Hitting the bottle, not the books

by Audrey Gore

Falling out of windows and motor vehicle crashes are among the leading causes of death for college students. Each year in the United States around 1,825 college students between the ages of 18 and 24 die from alcohol-related injuries each year, according to the National Institute on Alcohol Abuse and Alcoholism.

Since the mid-1980s the University of Washington alone has had six stu­dents die from drunkenly falling out of windows, according to a 2008 article from the Seattle Times concerning the death of 21-year old student Kevin MacDonald. Five more UW students broke their backs or sustained other se­rious injuries the same way, and while no one has recently taken a plunge out of a Duvall Hall or Baldwin-Jenkins Hall window, not even the pinecone curtain has prevented Whitworth Uni­versity students from experiencing some of the effects of college partying.

The Center for College Health and Safety published the results of a nation­wide survey on one of its affiliate web­sites highereducation.org, explaining some of the reasons it found for college students drinking excessively. Accord­ing to the survey the main reason is that over the years drinking excessively while enrolled in college has become normal, a rite of passage for freshmen and a sort of last hurrah before going off into the real world.

The more excessive drinking be­comes a norm around campuses the more people participate and the more out of control it gets, according to the Center for College Health and Safety. Another point the survey made was that large campuses often lack alcohol-free options for students, something that Whitworth excels in.

“Drinking is only prevalent if you want it to be,” freshman Marie Enman said. “You have to go out and find it.”

According to Whit­worth’s annual security report, the 2009—2010 year saw 16 on-cam­pus liquor law vio­lations that resulted in disciplinary re­ferrals, commonly known as “The Big Threes” a number that looks relatively tiny compared to the 754 liquor law violations on nearby Gonzaga campus in the same time frame.

So what has made Whitworth dif­ferent from many other universities around the nation? Possibly the same thing that makes drinking excessively prevalent at other schools: peer pres­sure.

“Its more underground; people don’t talk about it because they are afraid of being judged,” freshman Kate Hamman said. Judged not by faculty or staff but by their peers, she said.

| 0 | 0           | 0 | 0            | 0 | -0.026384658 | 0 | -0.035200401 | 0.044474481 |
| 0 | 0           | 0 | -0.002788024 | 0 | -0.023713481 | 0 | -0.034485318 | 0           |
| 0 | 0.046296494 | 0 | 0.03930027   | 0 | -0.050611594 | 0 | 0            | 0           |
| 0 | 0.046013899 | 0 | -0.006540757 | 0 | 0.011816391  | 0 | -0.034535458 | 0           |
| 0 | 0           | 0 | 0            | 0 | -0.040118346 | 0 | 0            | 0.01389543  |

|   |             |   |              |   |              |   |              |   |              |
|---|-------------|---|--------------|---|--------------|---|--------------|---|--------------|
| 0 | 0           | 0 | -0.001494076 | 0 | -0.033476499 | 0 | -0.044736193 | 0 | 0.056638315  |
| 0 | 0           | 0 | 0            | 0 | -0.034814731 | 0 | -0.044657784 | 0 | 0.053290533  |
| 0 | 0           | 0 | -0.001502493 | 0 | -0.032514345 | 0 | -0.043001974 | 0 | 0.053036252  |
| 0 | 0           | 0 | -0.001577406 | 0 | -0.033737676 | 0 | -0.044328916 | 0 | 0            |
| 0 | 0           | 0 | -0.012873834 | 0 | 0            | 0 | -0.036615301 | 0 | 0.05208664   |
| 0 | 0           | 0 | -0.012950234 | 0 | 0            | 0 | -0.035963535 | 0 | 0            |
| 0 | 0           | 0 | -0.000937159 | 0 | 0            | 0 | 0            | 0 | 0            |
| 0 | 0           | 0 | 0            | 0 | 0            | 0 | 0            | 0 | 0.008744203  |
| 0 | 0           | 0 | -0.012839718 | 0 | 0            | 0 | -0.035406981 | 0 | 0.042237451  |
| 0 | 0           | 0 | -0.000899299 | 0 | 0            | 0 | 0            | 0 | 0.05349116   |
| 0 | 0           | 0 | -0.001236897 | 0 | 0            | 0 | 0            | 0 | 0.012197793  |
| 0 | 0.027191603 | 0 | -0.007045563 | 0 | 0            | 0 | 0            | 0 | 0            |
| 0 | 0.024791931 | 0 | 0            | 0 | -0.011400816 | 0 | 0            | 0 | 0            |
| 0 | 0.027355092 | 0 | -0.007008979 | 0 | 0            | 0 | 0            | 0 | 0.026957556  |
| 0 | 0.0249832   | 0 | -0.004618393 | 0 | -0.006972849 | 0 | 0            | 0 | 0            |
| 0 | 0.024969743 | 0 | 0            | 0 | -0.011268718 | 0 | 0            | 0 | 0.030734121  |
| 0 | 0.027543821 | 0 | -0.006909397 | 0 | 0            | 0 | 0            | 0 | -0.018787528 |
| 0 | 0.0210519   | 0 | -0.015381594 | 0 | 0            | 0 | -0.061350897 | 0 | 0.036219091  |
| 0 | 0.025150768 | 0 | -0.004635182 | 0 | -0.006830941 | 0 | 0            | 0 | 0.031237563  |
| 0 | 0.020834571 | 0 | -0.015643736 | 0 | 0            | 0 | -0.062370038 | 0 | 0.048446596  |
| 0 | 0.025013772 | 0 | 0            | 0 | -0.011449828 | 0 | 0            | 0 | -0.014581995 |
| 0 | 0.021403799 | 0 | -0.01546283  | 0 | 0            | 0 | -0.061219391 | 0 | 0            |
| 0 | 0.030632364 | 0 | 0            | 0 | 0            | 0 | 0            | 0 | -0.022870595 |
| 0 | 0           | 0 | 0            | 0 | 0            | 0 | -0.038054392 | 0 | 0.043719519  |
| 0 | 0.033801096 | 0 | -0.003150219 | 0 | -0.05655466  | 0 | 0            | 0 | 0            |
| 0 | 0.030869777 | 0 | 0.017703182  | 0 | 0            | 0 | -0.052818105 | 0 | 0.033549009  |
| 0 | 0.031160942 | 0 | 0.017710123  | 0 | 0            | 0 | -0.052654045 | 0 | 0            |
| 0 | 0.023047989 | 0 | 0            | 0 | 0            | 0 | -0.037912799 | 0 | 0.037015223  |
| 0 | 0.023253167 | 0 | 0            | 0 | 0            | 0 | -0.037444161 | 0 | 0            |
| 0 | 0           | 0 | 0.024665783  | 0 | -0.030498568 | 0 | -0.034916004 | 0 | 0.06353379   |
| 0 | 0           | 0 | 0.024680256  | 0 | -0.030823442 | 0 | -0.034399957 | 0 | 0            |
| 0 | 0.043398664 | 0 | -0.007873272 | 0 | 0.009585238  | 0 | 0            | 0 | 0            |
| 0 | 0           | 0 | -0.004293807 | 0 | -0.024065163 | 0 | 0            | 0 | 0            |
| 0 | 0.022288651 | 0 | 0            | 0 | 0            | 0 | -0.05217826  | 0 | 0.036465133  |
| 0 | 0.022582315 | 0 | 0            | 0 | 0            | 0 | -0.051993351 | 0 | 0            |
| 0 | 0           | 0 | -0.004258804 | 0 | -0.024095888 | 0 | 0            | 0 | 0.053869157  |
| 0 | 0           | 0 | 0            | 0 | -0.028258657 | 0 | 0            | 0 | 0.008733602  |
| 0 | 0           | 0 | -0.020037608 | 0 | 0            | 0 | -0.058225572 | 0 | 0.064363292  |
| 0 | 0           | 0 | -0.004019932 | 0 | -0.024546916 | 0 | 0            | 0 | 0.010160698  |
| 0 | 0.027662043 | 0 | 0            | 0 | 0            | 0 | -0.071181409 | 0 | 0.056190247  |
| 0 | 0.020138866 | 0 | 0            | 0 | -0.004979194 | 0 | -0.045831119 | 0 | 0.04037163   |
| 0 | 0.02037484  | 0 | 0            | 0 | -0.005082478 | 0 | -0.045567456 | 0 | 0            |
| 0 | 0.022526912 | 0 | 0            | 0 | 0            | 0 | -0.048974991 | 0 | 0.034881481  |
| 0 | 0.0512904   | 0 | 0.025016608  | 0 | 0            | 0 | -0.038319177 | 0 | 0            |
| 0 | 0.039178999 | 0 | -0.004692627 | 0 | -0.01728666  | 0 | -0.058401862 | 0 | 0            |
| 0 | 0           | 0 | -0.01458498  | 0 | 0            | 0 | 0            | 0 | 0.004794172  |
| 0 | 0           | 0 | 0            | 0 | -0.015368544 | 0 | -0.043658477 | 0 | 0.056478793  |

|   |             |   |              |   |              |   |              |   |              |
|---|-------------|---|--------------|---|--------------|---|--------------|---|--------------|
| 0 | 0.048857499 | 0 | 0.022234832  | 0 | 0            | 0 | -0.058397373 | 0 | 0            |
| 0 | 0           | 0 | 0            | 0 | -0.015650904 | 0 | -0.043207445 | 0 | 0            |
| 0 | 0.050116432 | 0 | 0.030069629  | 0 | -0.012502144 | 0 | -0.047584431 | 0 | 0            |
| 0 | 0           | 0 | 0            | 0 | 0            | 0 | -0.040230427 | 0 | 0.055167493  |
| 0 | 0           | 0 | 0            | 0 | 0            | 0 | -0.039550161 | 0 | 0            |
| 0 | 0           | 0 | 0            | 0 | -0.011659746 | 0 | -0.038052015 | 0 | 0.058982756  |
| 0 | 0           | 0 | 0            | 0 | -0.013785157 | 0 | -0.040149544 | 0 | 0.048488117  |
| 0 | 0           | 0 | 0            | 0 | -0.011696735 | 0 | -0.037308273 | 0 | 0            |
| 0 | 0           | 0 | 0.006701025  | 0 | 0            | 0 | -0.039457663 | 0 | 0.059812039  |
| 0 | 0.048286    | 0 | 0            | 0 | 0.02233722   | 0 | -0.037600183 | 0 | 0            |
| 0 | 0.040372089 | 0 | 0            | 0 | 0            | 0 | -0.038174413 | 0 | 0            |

Freshman T.J. Carver pointed out that many students come to Whitworth for the Chris­tian com­munity and therefore are not interested in party­ing.

Others don’t make partying as much of a priority, and do drink and attend parties.

Though parties may be underground at Whitworth, students agree that as long as you know who attends parties you can find out what is going on any given weekend. Keeping off-campus weekend activities separate from the week has become standard at Whit­worth.

“People go party on the weekends and you don’t talk about it during the week,” sophomore Macy Olivas said.

Some students believe that this lack of communication causes more prob­lems between students than it would if students could be more open.

“I think, like with all things, if you talk about it more than the less problems you have with it,” Hamman said.

Though partying still goes on at Whitworth, it takes place much more frequently off campus than on campus, something that leaves on campus stu­dents feeling safer and more comfort­able than they would at a larger school where dorm parties are fairly common.

“I have so many friends at other schools that are telling me they can’t sleep and they are kept up by parties next door; I’m only kept up if I want to be kept up,” Enman said.

“It feels more safe and comfortable on campus,” Olivas said, pointing out that she was relieved she hasn’t had to deal with parties or people com­ing home drunk and making a scene.

Students face other safety issues besides falling out of win­dows when drink­ing; 599,000 students are injured each year in other ways when drinking.

Along with that, each year 400,000 students have unprotected sex while intoxicated, according to the National Institute on Alcohol and Alcoholism.

The average college freshman in the United States spends more than 10 hours a week partying, while they spend only eight hours a week study­ing, according a study by the Center for College Health and Safety. In addi­tion, 25 percent of college students re­port facing academic problems due to excessive drinking, including missing class, falling behind, doing poorly on exams or papers and receiving lower grades overall, according to the Na­tional Institute on Alcohol and Alco­holism

“There are a lot of people who party. You are guaranteed to see people you would never expect,” Olivas said, rein­forcing the underground persona par­tying at Whitworth has taken on.

One Reply to “Hitting the bottle, not the books”

  1. The problem has never and will never be the substance; but rather, the problem has always and will always be the abuser of the substance. I can assure you, I am just as impious as any other asshole out there. And I promise you, the problem stems from a lack of exposure, combined with a generally juvenile (or non-existent) conversation about “abuse”. Conversely, the seasoned alcoholic, having been bred to carry the burden of excessive daily drinking, is always well-mannered, poised, and only curses when spoken to.

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